Future deaths of any and all witnesses will be found here... in the archives.  We can only pray for the safety of others that have come forward.


October 24, 2017 - Danny Contreras


October 27th,  2017  -  Dennis & Lorraine Carver


October 9, 2017 - Kymberley Suchomel

Kymberley was young and had an exciting life ahead of her. Tragically, she passed away unexpectedly on October 9, just a week after the shooting. Her grandmother, Julie Norton, told VV Daily Press that Kymberley may have died in her sleep after her husband, Mike, left for work at 4:30 a.m.

Wednesday, July 26, 2017

Medical Conditions That Disqualify Willing Volunteers From Serving In Military

Abdominal Organs and Gastrointestinal System

The causes for rejection for appointment, enlistment, and induction are an authenticated history of:
a. Esophagus. Ulceration, varices, fistula, achalasia, or other dismotility disorders; chronic or recurrent esophagitis if confirmed by appropriate x-ray or endoscopic examination.
b. Stomach and duodenum.
(1) Gastritis. Chronic hypertrophic, or severe.
(2) Active ulcer of the stomach or duodenum confirmed by x-ray or endoscopy.
(3) Congenital abnormalities of the stomach or duodenum causing symptoms or requiring surgical treatment, except a history of surgical correction of hypertrophic pyloric stenosis of infancy.
c. Small and large intestine.
(1) Inflammatory bowel disease. Regional enteritis, ulcerative colitis, ulcerative proctitis.
(2) Duodenal diverticula with symptoms or sequelae (hemorrhage, perforation, etc.).
(3) Intestinal malabsorption syndromes, including postsurgical and idiopathic.
(4) Congenital. Condition, to include Meckel's diverticulum or functional abnormalities, persisting or symptomatic within the past 2 years.
d. Gastrointestinal bleeding. History of, unless the cause has been corrected, and is not otherwise disqualifying.
e. Hepato-pancreatic-biliary tract.
(1) Viral hepatitis, or unspecified hepatitis, within the preceding 6 months or persistence of symptoms after 6 months, or objective evidence of impairment of liver function, chronic hepatitis, and hepatitis B carriers. (Individuals who are known to have tested positive for hepatitis C virus (HCV) infection require confirmatory testing. If positive, individuals should be clinically evaluated for objective evidence of liver function impairment. If evaluation reveals no signs or symptoms of disease, the applicant meets the standards.)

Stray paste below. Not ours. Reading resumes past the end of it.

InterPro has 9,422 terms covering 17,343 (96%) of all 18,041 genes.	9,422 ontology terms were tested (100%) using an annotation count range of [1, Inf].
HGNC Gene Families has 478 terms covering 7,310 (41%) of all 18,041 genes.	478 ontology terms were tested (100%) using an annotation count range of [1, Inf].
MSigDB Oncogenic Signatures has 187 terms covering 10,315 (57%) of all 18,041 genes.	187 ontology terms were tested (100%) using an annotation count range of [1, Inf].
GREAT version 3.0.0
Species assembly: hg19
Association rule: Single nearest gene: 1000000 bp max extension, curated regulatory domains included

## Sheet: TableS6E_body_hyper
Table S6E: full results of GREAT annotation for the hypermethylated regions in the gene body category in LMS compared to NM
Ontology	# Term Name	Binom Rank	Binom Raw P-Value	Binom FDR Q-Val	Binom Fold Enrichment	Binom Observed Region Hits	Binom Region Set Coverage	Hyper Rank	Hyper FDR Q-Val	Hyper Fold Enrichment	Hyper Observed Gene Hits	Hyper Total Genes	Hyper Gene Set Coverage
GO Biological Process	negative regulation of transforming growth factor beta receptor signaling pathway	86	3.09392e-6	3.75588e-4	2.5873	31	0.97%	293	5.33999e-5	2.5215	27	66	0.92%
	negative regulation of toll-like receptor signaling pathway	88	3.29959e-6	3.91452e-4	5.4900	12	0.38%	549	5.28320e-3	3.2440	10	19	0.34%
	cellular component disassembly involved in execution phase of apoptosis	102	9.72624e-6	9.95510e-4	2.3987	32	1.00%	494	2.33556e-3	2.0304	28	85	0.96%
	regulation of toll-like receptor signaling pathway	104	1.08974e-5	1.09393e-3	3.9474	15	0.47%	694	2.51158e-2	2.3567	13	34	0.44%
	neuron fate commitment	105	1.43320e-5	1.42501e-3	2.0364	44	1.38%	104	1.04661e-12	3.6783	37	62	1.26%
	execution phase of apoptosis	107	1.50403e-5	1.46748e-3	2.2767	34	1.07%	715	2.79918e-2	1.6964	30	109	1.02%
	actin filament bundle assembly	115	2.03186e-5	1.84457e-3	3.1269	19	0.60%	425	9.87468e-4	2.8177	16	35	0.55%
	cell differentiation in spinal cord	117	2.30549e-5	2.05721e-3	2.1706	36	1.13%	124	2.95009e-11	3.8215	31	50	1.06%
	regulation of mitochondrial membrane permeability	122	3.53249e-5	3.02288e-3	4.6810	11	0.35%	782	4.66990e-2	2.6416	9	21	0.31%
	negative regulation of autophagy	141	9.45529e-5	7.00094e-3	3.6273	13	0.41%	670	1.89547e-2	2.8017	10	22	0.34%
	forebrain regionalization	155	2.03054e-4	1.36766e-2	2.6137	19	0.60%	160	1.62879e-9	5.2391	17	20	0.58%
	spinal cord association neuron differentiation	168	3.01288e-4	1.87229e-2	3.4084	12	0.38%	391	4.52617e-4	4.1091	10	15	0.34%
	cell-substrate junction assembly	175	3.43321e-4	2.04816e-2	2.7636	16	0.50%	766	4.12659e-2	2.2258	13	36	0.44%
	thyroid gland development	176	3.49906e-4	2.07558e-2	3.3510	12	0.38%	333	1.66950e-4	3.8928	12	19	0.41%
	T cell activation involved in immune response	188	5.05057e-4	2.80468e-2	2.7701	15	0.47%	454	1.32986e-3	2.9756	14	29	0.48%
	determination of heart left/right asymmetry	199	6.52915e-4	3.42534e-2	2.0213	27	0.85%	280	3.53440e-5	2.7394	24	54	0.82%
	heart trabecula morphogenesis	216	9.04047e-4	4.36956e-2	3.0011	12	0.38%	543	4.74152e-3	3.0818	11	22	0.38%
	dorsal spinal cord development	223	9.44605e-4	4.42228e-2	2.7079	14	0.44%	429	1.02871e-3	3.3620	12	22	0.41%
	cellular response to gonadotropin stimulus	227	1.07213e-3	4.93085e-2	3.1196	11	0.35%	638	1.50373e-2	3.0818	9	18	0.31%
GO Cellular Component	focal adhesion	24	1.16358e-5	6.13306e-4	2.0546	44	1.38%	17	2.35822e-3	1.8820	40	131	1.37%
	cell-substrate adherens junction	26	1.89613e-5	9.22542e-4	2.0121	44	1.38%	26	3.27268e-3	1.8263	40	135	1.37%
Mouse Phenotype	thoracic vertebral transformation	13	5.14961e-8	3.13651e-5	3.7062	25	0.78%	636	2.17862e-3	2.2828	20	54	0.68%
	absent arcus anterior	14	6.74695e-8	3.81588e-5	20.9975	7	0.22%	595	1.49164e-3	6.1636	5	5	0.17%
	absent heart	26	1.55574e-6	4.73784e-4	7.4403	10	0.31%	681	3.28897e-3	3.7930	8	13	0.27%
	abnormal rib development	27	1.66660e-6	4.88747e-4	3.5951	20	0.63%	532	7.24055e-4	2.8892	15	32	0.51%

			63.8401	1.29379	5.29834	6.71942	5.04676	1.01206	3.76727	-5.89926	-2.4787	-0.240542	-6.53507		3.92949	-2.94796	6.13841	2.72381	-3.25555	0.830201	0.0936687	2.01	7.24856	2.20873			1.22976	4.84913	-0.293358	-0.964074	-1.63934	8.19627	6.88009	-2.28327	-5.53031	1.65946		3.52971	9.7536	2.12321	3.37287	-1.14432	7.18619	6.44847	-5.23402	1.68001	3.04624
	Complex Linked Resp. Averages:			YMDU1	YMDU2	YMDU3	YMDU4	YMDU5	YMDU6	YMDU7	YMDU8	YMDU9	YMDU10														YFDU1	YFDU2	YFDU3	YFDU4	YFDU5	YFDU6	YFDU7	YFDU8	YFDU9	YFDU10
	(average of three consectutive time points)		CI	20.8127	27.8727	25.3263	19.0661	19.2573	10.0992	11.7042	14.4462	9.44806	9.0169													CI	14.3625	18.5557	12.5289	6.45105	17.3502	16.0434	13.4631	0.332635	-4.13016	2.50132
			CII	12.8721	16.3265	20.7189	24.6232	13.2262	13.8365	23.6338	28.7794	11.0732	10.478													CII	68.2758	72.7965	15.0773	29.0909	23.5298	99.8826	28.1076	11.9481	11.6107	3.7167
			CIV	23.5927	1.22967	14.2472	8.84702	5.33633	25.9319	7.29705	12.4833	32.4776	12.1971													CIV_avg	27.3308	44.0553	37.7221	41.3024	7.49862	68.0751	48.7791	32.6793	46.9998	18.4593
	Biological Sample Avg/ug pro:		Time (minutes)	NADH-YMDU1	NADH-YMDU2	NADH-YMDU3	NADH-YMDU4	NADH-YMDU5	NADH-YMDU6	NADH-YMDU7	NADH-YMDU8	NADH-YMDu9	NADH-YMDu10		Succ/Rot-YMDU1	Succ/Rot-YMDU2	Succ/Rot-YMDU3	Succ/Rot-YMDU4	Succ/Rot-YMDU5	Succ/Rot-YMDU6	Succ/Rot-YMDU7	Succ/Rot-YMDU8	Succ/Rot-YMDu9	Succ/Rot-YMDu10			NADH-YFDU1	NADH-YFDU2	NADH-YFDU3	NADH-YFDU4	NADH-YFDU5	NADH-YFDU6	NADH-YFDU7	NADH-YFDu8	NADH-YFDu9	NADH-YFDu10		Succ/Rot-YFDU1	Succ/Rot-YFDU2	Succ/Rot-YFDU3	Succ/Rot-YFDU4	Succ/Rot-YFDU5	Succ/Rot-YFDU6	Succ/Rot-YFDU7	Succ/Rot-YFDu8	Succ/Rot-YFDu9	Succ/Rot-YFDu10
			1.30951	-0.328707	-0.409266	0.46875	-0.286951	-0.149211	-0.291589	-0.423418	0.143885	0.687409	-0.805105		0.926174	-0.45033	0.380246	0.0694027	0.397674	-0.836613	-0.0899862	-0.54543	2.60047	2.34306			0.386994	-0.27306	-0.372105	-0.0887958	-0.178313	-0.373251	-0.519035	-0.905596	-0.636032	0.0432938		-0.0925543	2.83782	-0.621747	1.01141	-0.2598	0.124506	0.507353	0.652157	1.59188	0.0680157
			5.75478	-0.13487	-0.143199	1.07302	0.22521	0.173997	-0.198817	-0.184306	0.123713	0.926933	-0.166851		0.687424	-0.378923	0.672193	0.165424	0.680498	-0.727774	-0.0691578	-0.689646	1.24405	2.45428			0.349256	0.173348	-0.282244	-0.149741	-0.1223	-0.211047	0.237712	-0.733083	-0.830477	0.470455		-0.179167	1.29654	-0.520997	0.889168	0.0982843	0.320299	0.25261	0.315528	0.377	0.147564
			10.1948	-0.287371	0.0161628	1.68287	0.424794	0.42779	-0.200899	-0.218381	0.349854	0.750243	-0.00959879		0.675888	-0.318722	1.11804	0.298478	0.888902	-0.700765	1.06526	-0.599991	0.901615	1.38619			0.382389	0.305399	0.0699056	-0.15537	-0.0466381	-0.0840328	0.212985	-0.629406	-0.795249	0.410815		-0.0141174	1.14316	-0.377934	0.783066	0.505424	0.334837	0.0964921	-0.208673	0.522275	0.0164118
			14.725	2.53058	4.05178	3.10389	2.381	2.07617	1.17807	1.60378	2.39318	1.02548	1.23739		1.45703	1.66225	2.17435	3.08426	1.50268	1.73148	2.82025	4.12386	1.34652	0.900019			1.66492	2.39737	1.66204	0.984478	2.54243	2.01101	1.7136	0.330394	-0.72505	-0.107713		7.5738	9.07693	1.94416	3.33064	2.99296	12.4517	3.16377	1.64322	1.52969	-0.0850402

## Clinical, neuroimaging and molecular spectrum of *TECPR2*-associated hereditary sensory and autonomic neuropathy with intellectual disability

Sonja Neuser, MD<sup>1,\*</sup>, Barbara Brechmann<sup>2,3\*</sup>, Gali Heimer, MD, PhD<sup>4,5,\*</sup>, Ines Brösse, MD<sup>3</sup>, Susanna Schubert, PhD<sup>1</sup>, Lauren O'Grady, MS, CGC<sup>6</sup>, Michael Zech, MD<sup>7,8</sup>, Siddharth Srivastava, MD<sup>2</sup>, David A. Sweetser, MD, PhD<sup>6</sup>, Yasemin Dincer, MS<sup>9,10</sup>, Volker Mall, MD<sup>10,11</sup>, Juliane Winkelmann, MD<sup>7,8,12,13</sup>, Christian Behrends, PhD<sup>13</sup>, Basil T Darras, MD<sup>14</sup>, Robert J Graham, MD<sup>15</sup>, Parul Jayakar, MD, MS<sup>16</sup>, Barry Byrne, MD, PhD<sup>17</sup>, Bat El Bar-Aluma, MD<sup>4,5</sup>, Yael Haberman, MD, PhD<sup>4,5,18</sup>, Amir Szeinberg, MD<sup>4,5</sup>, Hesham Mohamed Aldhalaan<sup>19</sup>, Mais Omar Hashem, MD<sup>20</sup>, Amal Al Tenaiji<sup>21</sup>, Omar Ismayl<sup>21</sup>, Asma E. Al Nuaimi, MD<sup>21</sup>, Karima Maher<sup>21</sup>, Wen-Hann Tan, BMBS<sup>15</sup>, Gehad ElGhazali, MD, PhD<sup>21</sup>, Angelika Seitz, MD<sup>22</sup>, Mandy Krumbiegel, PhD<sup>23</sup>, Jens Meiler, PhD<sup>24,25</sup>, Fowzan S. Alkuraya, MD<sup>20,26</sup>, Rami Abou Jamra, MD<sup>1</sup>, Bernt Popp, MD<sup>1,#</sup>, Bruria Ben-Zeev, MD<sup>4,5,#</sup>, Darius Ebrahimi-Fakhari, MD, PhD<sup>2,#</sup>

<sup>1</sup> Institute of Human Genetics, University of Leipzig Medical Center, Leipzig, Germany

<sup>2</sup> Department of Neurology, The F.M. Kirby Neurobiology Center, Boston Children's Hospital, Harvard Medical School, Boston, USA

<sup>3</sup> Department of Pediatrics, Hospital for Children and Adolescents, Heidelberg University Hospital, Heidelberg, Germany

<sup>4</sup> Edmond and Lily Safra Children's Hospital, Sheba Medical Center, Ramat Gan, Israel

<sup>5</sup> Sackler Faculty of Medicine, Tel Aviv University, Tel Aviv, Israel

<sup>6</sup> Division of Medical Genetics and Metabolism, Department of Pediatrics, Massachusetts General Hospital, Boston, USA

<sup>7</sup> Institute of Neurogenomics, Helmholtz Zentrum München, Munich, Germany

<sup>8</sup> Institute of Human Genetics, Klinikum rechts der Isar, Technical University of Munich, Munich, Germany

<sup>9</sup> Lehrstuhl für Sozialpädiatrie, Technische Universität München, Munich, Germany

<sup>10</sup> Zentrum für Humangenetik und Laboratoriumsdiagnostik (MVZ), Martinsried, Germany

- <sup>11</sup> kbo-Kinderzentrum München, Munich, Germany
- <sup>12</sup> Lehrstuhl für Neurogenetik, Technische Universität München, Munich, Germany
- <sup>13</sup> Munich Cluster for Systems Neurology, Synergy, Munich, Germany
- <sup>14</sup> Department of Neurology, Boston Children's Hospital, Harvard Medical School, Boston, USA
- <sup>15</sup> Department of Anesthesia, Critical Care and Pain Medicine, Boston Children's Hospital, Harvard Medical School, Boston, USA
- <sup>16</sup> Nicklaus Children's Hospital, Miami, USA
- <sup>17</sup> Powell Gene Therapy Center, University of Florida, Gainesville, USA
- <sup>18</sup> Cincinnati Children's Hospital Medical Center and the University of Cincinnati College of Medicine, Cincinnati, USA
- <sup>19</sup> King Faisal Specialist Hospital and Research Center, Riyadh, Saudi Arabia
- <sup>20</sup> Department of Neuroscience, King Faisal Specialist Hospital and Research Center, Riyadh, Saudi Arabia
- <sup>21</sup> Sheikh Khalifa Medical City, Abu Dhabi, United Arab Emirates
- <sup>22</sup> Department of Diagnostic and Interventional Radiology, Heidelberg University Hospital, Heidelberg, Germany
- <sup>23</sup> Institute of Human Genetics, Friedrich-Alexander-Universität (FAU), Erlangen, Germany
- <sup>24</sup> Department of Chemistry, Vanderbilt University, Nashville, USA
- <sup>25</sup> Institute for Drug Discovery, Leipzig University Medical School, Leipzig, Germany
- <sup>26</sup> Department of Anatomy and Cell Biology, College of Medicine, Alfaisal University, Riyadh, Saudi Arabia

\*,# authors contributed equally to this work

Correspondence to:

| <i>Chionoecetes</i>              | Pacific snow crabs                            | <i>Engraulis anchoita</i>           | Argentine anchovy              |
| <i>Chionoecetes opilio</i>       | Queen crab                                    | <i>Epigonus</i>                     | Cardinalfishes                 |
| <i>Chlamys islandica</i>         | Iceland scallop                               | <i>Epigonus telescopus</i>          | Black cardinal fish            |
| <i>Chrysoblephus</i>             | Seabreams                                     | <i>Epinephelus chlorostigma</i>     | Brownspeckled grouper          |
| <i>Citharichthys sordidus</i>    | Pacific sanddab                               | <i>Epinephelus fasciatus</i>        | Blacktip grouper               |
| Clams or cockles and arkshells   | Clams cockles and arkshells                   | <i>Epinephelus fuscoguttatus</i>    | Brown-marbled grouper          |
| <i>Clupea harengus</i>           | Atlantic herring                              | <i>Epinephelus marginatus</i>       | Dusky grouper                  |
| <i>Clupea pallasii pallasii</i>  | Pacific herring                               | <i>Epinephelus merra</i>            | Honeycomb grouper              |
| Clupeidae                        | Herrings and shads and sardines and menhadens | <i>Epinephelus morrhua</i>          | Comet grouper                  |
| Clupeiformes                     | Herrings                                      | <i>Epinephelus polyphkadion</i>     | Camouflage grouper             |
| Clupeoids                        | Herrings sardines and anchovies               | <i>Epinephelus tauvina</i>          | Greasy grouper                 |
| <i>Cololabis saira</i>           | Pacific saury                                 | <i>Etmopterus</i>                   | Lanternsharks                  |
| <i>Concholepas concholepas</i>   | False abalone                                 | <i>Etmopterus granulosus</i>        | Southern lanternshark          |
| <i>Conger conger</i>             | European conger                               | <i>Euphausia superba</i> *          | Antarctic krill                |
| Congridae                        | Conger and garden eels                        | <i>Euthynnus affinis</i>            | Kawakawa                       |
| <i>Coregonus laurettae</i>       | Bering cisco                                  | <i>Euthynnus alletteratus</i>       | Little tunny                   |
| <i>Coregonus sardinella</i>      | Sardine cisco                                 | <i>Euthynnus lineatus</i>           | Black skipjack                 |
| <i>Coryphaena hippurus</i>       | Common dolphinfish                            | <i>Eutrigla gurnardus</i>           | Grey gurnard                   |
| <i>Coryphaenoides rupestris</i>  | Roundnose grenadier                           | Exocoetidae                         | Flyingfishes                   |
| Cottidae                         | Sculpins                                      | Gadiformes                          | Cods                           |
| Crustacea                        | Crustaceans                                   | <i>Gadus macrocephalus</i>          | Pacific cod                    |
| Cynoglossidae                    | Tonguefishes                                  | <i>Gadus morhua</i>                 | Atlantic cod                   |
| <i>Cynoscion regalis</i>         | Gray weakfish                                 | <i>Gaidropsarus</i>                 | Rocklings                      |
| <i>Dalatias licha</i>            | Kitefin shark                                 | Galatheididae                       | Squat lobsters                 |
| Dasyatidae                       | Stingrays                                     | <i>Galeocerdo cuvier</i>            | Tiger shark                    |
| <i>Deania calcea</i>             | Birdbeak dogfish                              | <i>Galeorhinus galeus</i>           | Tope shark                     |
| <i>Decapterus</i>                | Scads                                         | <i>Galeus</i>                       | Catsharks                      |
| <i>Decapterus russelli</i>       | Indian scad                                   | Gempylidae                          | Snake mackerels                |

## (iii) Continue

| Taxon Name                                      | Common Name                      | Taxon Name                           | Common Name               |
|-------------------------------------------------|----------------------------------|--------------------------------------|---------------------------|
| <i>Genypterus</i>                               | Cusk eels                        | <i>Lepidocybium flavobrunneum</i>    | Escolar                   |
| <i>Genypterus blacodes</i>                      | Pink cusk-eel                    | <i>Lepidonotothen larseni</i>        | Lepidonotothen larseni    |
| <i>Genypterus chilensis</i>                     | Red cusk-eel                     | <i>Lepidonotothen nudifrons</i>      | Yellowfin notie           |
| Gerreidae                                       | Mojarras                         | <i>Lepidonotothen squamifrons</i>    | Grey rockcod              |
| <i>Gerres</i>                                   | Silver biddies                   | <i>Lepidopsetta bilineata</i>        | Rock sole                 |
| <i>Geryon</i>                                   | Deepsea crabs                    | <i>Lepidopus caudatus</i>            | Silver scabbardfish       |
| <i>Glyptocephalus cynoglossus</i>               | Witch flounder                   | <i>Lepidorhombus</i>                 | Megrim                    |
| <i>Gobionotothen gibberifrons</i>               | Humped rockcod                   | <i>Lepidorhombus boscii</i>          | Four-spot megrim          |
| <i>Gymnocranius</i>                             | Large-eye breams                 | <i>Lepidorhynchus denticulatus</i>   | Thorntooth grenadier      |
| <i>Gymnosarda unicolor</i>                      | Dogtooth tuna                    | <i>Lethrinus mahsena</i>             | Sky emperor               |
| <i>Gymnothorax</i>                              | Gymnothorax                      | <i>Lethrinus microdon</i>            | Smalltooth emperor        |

(2) Cirrhosis, hepatic cysts and abscess, and sequelae of chronic liver disease.
(3) Cholecystitis, acute or chronic, with or without cholelithiasis, and other disorders of the gallbladder including post-cholecystectomy syndrome, and biliary system.
Note. Cholecystectomy is not disqualifying 60 days postsurgery (or 30 days post-laproscopic surgery), providing there are no disqualifying residuals from treatment.
(4) Pancreatitis. Acute and chronic.
f. Anorectal.
(1) Anal fissure if persistent, or anal fistula.
(2) Anal or rectal polyp, prolapse, stricture, or incontinence.
(3) Hemorrhoids, internal or external, when large, symptomatic, or history of bleeding.
g. Spleen.
(1) Splenomegaly, if persistent.
(2) Splenectomy, except when accomplished for trauma, or conditions unrelated to the spleen, or for hereditary spherocytosis.
h. Abdominal wall.
(1) Hernia, including inguinal, and other abdominal, except for small, asymptomatic umbilical or asymptomatic hiatal.
(2) History of abdominal surgery within the preceding 60 days, except that individuals post-laparoscopic cholecystectomy may be qualified after 30 days.
i. Other.
(1) Gastrointestinal bypass or stomach stapling for control of obesity.
(2) Persons with artificial openings.

Blood and blood-forming tissue diseases

The causes for rejection for appointment, enlistment, and induction are an authenticated history of:
a. Anemia. Any hereditary acquired, aplastic, or unspecified anemia that has not permanently corrected with therapy.